Sunday, March 2, 2014

Persevering

I may have mentioned that my new favorite blog is "Mama Knows, Honeychild." I just love it. She's quite funny, but also most inspirational.

So if you are finding it hard to persevere in whatever impossible/crazy/weird/unseemly/impractical goal/Lenten Sacrifice/New Year's Resolution you have set for yourself, run, do not walk to this post by Mama Knows.

I know, I am very behind on my blog reading. This one is actually from July of last year. But do not let that dissuade you.  This is me before I read this post:

(This will all make sense to you after you read Mama Knows' blog)


and this is me AFTER I read it.



You know you need some inspiring. Go.  No really, go. Now!









Are you still here? GO!

Sunday, February 23, 2014

The Measure with Which I Measure

Today as I sat down to peruse the readings, I encountered one of my favorite -- and most challenging -- passages in the gospel. This text on mercy fits my new year's "mercy theme" and lives where I do.

It is helpful to be reminded that living with forgiveness really isn't enough. The state of mercy is not only a reactive state. Mercy is also proactive. It is not enough to forgive those who have "wronged me," I am called to "love your (my) enemies" and "pray for those who persecute you (me)." It gets tougher: I am called to "offer no resistance to one who is evil."

Even in Leviticus, we the faithful were exhorted to "bear no hatred" for our brother and sister; and of course to "Love your neighbor as yourself."

There is a parallel to today's gospel from Matthew in Luke (6:27-38) and I have always particularly loved this ending section of the passage:

Give and gifts will be given to you; 
A good measure, packed down, shaken together and overflowing
will be poured into your lap; 
For the measure with which you measure will in return be measured out to you. (6:38)

It's such a hopeful passage! Give and it will be given to you! And so easy to forget the instructions that come before it: Love your enemies, pray for those who persecute you, judge not, lest you be judged.

What is the "measure" with which I measure? Is it a measure of generosity? Is it a measure of forgiveness? Is is a measure of proactive mercy?

That is surely the measure I need poured into my lap, one of generosity and non-judgmental-ism and
forgiveness. Food for thought!

I'll let Mother Theresa finish the thought:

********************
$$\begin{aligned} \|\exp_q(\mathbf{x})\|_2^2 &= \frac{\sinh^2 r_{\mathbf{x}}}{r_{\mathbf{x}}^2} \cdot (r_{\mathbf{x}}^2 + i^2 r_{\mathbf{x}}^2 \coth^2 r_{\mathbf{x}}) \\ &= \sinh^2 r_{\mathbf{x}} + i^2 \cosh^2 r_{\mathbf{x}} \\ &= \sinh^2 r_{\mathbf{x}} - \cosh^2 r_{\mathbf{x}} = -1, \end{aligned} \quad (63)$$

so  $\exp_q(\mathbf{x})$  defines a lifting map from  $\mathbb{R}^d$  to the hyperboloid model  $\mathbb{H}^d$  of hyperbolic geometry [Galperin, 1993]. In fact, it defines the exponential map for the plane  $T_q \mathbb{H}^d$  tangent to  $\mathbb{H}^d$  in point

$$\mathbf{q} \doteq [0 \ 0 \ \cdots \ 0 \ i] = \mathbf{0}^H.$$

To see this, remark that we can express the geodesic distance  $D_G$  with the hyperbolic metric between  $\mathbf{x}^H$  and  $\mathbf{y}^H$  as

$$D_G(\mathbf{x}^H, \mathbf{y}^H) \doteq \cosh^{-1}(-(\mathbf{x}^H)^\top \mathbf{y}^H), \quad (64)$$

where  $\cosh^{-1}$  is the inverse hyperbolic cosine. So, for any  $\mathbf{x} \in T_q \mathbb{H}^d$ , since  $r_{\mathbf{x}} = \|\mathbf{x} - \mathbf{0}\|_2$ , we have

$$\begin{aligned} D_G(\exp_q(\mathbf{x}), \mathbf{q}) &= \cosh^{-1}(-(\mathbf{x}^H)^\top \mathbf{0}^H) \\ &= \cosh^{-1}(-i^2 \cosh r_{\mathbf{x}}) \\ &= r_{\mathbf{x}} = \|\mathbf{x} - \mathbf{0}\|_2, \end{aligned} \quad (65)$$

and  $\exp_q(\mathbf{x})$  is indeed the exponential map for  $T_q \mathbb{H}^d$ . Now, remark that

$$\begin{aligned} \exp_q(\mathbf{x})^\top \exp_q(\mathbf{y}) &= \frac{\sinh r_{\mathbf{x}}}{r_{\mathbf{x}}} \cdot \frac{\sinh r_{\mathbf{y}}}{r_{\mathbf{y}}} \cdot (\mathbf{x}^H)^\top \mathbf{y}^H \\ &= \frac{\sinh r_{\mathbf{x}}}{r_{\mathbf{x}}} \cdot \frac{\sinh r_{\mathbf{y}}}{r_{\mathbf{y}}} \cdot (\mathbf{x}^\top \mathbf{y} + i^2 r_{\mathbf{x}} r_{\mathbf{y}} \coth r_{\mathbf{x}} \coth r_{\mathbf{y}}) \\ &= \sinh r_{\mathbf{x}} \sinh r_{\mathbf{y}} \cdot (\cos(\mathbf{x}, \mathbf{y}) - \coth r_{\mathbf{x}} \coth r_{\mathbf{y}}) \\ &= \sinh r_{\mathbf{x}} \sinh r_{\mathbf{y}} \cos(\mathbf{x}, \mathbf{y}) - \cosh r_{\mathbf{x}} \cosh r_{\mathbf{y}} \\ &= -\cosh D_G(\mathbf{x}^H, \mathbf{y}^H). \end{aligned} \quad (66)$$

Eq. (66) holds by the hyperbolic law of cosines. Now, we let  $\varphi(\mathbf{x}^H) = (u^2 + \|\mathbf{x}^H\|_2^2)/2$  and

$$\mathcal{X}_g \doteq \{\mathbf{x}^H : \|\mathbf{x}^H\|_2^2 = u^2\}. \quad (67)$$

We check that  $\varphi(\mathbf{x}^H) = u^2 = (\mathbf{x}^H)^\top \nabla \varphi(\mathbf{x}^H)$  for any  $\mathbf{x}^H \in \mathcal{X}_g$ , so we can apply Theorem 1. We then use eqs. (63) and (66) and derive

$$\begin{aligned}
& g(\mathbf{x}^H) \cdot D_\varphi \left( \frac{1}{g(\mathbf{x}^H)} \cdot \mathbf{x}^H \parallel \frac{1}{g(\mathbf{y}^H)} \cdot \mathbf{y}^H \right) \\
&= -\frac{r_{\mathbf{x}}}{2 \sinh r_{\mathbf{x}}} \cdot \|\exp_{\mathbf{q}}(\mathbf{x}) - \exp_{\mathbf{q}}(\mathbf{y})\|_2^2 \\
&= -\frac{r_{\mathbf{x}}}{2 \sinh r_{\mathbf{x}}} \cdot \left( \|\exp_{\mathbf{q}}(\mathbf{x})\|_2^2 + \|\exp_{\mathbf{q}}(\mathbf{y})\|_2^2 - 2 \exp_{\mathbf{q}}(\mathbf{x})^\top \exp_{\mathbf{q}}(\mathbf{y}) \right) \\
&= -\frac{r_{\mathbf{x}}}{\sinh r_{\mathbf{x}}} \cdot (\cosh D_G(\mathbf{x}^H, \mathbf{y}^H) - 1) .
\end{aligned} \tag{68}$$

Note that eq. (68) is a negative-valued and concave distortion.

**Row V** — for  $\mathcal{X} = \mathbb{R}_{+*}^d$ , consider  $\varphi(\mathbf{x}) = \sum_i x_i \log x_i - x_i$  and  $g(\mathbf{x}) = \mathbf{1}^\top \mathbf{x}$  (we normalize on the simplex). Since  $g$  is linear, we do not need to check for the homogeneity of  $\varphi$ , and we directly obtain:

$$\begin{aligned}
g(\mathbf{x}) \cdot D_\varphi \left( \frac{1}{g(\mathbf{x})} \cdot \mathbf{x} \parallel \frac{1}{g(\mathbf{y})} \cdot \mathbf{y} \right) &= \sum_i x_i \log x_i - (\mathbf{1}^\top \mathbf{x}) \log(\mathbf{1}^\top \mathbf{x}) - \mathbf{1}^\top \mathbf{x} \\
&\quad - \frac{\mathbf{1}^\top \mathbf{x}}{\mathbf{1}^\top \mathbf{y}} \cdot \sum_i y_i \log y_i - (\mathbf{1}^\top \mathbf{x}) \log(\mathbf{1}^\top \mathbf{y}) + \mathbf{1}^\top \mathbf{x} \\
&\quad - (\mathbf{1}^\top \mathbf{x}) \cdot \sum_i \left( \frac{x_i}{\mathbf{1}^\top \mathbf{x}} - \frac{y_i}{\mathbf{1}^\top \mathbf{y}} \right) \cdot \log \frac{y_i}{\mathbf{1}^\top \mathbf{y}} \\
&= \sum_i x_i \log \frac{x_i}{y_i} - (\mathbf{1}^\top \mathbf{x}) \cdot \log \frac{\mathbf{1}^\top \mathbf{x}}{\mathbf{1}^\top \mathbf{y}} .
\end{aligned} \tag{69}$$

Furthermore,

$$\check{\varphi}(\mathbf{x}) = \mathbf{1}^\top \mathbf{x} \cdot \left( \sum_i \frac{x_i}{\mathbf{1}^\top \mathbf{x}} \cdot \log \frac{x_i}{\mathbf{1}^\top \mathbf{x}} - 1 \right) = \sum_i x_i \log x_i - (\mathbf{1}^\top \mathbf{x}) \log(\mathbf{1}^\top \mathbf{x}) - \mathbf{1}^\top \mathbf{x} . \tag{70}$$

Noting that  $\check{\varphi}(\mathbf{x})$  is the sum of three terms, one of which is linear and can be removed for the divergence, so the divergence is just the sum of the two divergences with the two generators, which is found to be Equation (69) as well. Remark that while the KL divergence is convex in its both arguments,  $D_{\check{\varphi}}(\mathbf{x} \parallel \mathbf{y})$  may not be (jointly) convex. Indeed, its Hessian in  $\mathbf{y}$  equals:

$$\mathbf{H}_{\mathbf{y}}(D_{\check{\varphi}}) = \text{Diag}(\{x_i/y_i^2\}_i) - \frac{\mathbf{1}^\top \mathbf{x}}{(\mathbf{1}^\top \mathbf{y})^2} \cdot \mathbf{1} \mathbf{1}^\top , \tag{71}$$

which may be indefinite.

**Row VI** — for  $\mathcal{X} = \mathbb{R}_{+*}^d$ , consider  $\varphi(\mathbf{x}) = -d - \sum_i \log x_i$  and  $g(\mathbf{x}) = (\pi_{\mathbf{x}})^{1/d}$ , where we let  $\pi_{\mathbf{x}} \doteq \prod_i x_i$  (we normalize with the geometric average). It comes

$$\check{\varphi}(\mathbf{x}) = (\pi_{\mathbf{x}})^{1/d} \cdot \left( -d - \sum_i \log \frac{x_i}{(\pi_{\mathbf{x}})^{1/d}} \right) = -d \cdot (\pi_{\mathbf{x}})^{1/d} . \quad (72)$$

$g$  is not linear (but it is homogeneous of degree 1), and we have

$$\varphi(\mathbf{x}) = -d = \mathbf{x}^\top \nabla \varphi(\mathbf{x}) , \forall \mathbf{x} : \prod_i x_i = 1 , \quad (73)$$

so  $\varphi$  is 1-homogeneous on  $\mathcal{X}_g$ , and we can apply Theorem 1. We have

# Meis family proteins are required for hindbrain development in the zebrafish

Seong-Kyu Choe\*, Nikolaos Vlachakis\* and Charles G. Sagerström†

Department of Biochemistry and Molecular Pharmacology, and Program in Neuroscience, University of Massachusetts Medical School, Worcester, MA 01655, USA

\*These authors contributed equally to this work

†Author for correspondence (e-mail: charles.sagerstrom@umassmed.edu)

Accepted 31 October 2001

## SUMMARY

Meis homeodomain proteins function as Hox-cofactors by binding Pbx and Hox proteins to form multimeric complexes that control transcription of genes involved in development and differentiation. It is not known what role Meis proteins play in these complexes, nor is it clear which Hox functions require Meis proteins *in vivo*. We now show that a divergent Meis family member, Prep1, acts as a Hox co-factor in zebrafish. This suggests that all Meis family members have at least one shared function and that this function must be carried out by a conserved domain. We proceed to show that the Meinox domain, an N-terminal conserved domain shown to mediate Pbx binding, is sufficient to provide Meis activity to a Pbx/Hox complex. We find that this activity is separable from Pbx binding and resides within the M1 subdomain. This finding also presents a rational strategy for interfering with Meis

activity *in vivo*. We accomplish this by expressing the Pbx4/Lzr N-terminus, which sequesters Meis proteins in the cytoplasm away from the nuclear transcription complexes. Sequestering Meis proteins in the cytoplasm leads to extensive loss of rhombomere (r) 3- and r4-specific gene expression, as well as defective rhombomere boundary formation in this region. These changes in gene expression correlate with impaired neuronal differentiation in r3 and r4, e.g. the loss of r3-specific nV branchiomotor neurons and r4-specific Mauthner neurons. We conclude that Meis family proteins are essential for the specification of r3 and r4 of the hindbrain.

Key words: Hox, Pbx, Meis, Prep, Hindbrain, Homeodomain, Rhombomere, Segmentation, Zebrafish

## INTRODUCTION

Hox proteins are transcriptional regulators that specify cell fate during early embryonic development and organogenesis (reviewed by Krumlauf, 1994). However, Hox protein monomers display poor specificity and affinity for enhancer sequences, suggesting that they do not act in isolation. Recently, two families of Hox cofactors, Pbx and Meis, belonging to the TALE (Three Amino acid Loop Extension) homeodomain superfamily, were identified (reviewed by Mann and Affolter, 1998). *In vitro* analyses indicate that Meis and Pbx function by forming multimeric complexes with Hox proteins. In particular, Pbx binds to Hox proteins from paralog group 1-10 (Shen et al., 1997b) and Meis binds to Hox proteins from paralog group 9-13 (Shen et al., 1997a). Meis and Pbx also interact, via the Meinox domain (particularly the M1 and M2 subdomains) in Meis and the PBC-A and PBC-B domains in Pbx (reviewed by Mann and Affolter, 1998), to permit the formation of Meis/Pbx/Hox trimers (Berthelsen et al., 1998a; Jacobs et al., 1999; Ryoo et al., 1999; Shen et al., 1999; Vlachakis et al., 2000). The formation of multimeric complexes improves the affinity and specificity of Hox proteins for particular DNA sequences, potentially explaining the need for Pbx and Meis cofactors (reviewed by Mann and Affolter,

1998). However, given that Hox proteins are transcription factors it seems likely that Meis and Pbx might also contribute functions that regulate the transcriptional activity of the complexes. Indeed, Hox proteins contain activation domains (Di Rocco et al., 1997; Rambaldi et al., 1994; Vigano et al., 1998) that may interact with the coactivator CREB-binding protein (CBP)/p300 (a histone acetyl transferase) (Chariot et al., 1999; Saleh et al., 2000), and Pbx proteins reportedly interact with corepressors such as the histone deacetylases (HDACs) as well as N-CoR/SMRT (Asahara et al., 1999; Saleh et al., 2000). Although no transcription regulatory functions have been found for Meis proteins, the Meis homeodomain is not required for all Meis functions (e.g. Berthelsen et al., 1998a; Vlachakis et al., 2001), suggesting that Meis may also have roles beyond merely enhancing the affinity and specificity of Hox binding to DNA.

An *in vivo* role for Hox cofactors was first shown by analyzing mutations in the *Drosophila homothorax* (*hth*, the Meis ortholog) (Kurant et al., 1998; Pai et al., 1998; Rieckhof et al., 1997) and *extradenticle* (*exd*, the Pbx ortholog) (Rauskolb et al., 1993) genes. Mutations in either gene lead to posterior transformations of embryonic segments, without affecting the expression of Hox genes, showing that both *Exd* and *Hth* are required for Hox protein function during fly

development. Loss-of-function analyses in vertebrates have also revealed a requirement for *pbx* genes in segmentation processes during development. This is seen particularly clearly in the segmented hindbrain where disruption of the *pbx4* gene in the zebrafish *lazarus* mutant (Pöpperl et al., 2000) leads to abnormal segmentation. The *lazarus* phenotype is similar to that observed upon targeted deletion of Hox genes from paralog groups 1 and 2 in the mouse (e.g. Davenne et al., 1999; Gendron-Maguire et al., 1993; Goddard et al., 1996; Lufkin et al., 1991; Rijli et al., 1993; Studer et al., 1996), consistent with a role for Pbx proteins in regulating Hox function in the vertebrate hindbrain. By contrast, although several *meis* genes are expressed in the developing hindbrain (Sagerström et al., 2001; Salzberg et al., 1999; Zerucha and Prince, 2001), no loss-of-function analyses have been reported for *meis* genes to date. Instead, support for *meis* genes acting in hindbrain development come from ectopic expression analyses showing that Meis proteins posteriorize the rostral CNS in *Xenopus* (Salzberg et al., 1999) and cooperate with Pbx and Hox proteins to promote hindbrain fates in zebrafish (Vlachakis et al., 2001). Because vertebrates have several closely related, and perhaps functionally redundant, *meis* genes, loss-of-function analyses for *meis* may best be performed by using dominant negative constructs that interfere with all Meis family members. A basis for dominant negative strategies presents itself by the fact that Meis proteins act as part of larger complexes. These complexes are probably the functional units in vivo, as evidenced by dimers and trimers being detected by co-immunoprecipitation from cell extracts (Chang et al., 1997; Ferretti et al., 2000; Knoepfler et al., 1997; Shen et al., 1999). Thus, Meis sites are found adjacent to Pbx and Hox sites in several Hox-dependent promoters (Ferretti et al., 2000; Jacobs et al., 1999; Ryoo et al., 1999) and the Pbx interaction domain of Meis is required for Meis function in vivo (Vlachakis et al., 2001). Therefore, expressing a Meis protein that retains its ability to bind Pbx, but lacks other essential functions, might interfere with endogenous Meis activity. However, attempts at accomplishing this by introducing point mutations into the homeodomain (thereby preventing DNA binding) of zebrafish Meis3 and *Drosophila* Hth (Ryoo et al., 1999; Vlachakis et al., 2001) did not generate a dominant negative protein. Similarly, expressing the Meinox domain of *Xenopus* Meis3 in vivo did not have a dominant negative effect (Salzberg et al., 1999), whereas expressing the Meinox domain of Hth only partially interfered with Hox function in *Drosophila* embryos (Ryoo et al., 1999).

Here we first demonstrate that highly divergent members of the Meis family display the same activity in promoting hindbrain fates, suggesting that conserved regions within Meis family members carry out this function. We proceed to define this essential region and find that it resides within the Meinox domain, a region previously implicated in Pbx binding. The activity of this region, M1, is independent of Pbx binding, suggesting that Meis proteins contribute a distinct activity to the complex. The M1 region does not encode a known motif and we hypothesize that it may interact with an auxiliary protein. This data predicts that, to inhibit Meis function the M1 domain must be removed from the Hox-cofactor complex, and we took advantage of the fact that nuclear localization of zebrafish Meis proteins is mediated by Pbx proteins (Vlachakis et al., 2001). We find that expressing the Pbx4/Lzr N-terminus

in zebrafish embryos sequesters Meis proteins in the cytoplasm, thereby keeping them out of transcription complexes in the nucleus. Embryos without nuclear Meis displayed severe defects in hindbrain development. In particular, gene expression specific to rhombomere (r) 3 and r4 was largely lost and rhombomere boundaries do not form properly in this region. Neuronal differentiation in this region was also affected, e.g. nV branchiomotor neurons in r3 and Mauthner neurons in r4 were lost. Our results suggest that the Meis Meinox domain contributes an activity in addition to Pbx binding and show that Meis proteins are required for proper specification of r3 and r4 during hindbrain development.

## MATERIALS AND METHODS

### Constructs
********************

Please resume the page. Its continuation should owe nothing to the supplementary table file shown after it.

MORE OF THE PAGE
Tuesday, February 18, 2014

Considering it ALL Joy (Say, What?)

Thought for the day:
Consider it all joy, my brothers and sisters,
when you encounter various trials,
for you know that the testing of your faith produces perseverance.
And let perseverance be perfect,
so that you may be perfect and complete, lacking in nothing.

(James 1: 2-4)

This is one of the hardest precepts in Christian thought, to "consider it all joy . . . when (we) encounter various trials." There are times we do it, right?  Particularly in times of crisis, such as losing a loved one, we are able to find our "Yes" and know that God is at work in us. 

It's the every day trials in which we find ourselves struggling: When a teenager is surly, or our boss is unfair, or our toddler is whiny, that is where the rubber meets the road. It's so easy to be surly myself, or retaliatory, or -- yes -- whiny. It's hard, hard to "consider it all joy." 

There are times I rise to the occasion, no question. Yet in the rhythm of the day, the ordinary cadence of daily life, it's easy to fall into a habit of complaining and unhappiness. It's hard to remember that I need that testing of my faith to grow my perseverance and that all of it is the refining fire, perfecting in me my finest and noblest self. And to remember, as Paul told the Romans, that "all things work together for good to them that love God" (8:28).

The first step in getting to that place where it is all "work(ing) together for good" is to accept what is, to grab hold of that joy, albeit at times elusive. In working to accept the things we want to push away, in clearing out the relentless chatter in our brains and looking deep in our hearts, we find the joy and from there, grow the perseverance. 

I cannot say it better than Paul did for the Romans: 
Not only that, but we even boast of our afflictions, knowing that affliction produces endurance,
and endurance, proven character, and proven character, hope,
and hope does not disappoint, because the love of God has been poured out into our hearts through the holy Spirit that has been given to us.